I’ve felt a kinship with Arnold Schwarzenegger for quite some time. Since the early 1990s, to be exact.
It began years ago. I was in downtown Denver, at an Eddie Bauer store, looking at a jacket. A well-meaning young, male salesclerk approached and told me I should buy that jacket, that “The Arnold” was in town and had tried it on just hours before. (Hint: Never tell a woman THAT if you want to make a sale!) Needless to say, I left the jacket as it hung. But knowing I had touched something Arnold Schwarzenegger had, bonded us. At least from my perspective.
So I don’t take his wisdom lightly. Here’s some:
“What we face may look insurmountable. But I learned something from all those years of training and competing. I learned something from all those sets and reps when I didn’t think I could lift another ounce of weight. What I learned is that we are always stronger than we know.” (Arnold Schwarzenegger)
Isn’t that the truth?
When I was 9 years old, my best friend Rachel Cox, got it in her mind that we were going to walk 20 miles together and raise money in a March of Dimes walkathon. I got on my bicycle and pedaled all over the rural roads of Grand Jct., CO, asking strangers to sponsor me in my walk.
Things were safer in the 70s, but still not without their hazzards.
At one house, a giant and ferocious dog chased me down the driveway. I screamed and ran, panic stricken and crying. Thankfully, the homeowner came, rescued me, and sponsored me–probably feeling bad for the little girl with the racing heart, bawling in the driveway.
I survived the sponsorship part of the walkathon. Finally the day came to walk 20 miles.
My parents were out of town. They told me (later, and for the rest of my life) they figured I’d walk a mile or two and go home so they didn’t change their travel plan and just arranged a ride for me to the starting point where I met my friend. I was completely unprepared for the walk by today’s standards. I wore normal school clothes, Keds, I didn’t bring any water or food (kids don’t always plan for the essentials–they’d never even crossed my mind, actually), I didn’t have sunscreen, and while most walkers had adult supervision, Rachel and I were on our own.
At mile one, Rachel quit. For some reason, I carried on alone. (I was pretty shy back then, to this day I’m not sure how I dared continue on by myself.) It may have had something to do with the fact that I wasn’t tired, or maybe I was motivated by the pictures of the poster children I was trying to help, or maybe it was all I’d gone through getting sponsors–not just the dog attack, but even talking to people I didn’t know and asking them to help me; I hated that part of it! Or maybe I just wanted to see if I could do it.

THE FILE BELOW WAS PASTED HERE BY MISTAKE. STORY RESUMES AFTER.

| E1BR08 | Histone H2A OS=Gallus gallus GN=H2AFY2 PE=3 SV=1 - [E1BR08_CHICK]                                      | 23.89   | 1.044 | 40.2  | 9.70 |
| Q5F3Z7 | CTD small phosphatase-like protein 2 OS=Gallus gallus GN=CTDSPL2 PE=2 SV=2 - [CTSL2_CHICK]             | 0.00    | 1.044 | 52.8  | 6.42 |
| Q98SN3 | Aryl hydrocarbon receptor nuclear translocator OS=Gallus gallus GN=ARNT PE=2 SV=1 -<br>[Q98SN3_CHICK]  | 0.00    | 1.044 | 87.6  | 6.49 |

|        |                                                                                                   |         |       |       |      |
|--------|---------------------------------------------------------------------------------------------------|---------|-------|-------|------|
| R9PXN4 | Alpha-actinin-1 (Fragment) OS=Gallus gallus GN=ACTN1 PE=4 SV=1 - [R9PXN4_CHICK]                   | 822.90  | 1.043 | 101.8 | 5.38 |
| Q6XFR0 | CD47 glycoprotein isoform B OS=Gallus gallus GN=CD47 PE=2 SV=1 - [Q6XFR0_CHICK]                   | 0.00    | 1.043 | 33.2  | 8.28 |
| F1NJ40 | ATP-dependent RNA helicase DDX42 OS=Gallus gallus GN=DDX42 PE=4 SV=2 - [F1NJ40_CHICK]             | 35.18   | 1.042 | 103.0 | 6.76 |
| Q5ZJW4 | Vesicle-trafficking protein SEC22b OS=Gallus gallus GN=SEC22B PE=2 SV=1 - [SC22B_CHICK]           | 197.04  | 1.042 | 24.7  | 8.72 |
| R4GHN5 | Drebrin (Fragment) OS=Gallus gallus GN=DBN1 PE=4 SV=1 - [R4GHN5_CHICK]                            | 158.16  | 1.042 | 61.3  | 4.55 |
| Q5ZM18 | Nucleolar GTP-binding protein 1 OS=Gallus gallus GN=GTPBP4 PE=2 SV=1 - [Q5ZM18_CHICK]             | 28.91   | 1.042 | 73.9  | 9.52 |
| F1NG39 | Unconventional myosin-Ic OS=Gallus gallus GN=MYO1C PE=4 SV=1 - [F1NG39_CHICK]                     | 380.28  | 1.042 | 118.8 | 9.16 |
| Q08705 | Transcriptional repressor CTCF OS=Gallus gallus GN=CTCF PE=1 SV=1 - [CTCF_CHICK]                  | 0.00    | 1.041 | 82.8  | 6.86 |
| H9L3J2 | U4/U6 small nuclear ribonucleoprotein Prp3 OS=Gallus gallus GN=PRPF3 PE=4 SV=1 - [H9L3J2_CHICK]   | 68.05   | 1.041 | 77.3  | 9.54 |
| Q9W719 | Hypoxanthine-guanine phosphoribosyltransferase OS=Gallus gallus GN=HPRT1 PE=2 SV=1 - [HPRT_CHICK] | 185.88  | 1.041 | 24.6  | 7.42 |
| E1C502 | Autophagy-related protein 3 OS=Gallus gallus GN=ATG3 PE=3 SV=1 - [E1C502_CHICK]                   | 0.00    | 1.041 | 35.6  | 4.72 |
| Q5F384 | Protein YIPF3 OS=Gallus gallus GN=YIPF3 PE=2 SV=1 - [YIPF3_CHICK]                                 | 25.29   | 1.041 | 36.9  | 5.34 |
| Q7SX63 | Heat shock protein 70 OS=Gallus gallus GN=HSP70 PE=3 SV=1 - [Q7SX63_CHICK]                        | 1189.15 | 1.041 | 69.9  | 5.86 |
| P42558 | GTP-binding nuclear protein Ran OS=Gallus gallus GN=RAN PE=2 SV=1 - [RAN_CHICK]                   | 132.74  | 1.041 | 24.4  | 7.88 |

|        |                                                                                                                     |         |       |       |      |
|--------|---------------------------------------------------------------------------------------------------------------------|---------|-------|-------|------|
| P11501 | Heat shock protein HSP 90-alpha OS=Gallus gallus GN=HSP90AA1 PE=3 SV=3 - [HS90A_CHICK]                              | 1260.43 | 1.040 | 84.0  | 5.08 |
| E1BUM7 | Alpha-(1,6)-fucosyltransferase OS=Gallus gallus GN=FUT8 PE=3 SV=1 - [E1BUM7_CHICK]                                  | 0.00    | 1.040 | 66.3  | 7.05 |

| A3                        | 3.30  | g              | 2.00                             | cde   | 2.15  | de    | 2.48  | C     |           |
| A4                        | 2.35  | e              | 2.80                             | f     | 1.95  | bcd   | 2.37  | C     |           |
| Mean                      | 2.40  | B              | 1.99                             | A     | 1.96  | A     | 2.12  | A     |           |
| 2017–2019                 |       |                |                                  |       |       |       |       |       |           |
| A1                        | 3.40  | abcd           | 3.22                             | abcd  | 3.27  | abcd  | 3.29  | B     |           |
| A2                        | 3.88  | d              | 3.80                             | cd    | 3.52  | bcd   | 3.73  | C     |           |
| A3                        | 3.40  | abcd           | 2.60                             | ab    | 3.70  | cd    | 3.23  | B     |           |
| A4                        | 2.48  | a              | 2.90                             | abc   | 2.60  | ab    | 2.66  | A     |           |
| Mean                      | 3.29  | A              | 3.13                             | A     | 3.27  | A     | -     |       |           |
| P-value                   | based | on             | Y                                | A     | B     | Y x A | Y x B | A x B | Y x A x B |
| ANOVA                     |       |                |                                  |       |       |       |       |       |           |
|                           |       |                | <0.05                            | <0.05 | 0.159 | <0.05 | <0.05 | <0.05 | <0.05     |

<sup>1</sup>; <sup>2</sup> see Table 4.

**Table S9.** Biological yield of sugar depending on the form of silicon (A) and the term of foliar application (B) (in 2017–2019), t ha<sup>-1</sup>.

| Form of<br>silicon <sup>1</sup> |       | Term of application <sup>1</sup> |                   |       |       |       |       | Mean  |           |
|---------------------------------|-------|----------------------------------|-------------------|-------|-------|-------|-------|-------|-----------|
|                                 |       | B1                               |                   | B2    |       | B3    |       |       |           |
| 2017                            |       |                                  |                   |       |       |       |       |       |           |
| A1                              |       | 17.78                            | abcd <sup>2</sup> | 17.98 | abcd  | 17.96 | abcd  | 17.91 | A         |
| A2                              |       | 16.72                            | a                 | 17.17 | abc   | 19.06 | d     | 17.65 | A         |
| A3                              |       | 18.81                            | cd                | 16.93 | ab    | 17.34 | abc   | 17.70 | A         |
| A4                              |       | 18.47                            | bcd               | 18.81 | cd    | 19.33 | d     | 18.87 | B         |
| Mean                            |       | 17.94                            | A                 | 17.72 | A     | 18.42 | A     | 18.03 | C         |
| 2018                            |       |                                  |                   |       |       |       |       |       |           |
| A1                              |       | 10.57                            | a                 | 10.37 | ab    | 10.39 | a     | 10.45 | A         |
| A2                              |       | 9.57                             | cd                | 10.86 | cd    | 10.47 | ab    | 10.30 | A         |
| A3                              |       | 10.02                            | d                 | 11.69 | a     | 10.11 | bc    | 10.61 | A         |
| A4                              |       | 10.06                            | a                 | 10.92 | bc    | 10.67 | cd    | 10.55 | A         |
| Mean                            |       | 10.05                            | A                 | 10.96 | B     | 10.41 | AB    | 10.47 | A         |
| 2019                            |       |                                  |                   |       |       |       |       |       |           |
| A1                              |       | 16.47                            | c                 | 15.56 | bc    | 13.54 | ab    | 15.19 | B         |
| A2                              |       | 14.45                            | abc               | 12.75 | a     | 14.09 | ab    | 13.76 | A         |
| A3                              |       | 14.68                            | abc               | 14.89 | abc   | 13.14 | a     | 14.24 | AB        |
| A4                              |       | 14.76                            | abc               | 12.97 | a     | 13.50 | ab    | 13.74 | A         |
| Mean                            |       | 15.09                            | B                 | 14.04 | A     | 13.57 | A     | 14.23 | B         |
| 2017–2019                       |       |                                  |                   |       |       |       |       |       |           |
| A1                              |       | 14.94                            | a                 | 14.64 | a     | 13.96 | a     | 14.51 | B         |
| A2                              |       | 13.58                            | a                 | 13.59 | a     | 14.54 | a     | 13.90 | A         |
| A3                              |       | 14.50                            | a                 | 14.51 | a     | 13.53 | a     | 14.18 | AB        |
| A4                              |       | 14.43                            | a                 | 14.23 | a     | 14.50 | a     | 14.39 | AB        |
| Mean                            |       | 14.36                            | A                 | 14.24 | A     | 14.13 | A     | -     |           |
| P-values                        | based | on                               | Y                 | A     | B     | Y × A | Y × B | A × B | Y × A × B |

So I kept walking.
I didn’t really know what I was doing or where I was going, but I followed the way marked by cardboard arrows, got my card stamped at each mile’s checkpoint, and watched the stream of walkers lessen until I was mostly alone and felt even more alone knowing my parents were out of town. I wasn’t always sure where to go. Thankfully, I didn’t get lost. I felt a little like I was blazing my own trail and I was a little afraid, but I carried on most of the day.
By late afternoon, an unfortunate thing happened. The walkathon route went right past my neighborhood–just before mile 18–and I gave in to the lure and safety of home. I detoured through Paradise Hills to my house and quit, without even getting my card stamped at mile 18 and getting credit for that last mile I walked.
My feet were killing me.
My house was quiet.
But I had accomplished something.
When my parents arrived home that evening and found out what I had achieved all by myself, they were dumbfounded. They took me to dinner to celebrate–my dad carried me to and from the car and into the restaurant so I wouldn’t have to walk any more that day. They told everyone what I had done.
The prospect of walking 20 miles, by myself, in the 4th grade seemed incomprehensible. But I learned something that day. When I thought I couldn’t go the distance, I did. When I was alone, and afraid, I carried on anyway. And in the end, I learned I was stronger and more capable than I’d ever imagined.
That’s sort of how last year was for me. I found myself facing a challenge so huge I didn’t know how I’d go the distance. I was alone, afraid, but I carried on anyway. There weren’t signs showing me the way this time, I had to rely on inspiration, common sense, the advice of good friends, absolute faith and sometimes, pure endurance.
And in the end, I learned I was stronger and more capable than I’d ever imagined. And I accomplished something I wasn’t always sure would be possible: a new life; happiness and joy out of the disastrous ruination and ashes of my former life.
The unexpected life is its own walkathon. But if you just keep putting one foot in front of the other, even when your feet (and your heart) hurt, eventually you’ll accomplish something great.
“I always tell my kids if you lay down, people will step over you. But if you keep scrambling, if you keep going, someone will always, always give you a hand. Always. But you gotta keep dancing, you gotta keep your feet moving.” (Morgan Freeman)
Keep your feet moving.
The unexpected life.